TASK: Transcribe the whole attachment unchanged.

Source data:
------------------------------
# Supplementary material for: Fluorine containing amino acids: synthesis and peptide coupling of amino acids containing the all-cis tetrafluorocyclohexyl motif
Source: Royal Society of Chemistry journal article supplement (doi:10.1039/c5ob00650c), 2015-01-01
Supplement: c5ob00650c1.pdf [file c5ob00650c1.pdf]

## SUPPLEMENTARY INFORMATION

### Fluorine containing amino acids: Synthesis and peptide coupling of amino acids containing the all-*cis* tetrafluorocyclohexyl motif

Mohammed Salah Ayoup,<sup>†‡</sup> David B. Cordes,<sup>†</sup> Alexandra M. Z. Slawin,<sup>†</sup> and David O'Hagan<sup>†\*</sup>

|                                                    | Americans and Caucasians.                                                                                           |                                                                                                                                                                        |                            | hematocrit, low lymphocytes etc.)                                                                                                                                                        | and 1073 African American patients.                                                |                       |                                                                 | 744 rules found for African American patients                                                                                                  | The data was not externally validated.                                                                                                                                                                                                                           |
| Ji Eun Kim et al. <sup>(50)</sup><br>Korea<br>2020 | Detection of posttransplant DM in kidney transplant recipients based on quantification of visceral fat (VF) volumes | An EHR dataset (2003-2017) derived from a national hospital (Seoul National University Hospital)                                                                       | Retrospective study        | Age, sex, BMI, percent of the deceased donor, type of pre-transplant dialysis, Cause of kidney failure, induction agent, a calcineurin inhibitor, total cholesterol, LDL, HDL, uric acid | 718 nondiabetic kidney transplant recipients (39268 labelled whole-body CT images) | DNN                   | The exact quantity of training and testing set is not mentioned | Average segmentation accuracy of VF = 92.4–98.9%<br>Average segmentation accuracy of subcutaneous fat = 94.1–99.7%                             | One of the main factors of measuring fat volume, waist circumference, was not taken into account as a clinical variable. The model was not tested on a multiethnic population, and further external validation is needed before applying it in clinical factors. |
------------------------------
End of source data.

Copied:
# Supplementary material for: Fluorine containing amino acids: synthesis and peptide coupling of amino acids containing the all-cis tetrafluorocyclohexyl motif
Source: Royal Society of Chemistry journal article supplement (doi:10.1039/c5ob00650c), 2015-01-01
Supplement: c5ob00650c1.pdf [file c5ob00650c1.pdf]

## SUPPLEMENTARY INFORMATION

### Fluorine containing amino acids: Synthesis and peptide coupling of amino acids containing the all-*cis* tetrafluorocyclohexyl motif

Mohammed Salah Ayoup,<sup>†‡</sup> David B. Cordes,<sup>†</sup> Alexandra M. Z. Slawin,<sup>†</sup> and David O'Hagan<sup>†\*</sup>

|                                                    | Americans and Caucasians.                                                                                           |                                                                                                                                                                        |                            | hematocrit, low lymphocytes etc.)                                                                                                                                                        | and 1073 African American patients.                                                |                       |                                                                 | 744 rules found for African American patients                                                                                                  | The data was not externally validated.                                                                                                                                                                                                                           |
| Ji Eun Kim et al. <sup>(50)</sup><br>Korea<br>2020 | Detection of posttransplant DM in kidney transplant recipients based on quantification of visceral fat (VF) volumes | An EHR dataset (2003-2017) derived from a national hospital (Seoul National University Hospital)                                                                       | Retrospective study        | Age, sex, BMI, percent of the deceased donor, type of pre-transplant dialysis, Cause of kidney failure, induction agent, a calcineurin inhibitor, total cholesterol, LDL, HDL, uric acid | 718 nondiabetic kidney transplant recipients (39268 labelled whole-body CT images) | DNN                   | The exact quantity of training and testing set is not mentioned | Average segmentation accuracy of VF = 92.4–98.9%<br>Average segmentation accuracy of subcutaneous fat = 94.1–99.7%                             | One of the main factors of measuring fat volume, waist circumference, was not taken into account as a clinical variable. The model was not tested on a multiethnic population, and further external validation is needed before applying it in clinical factors. |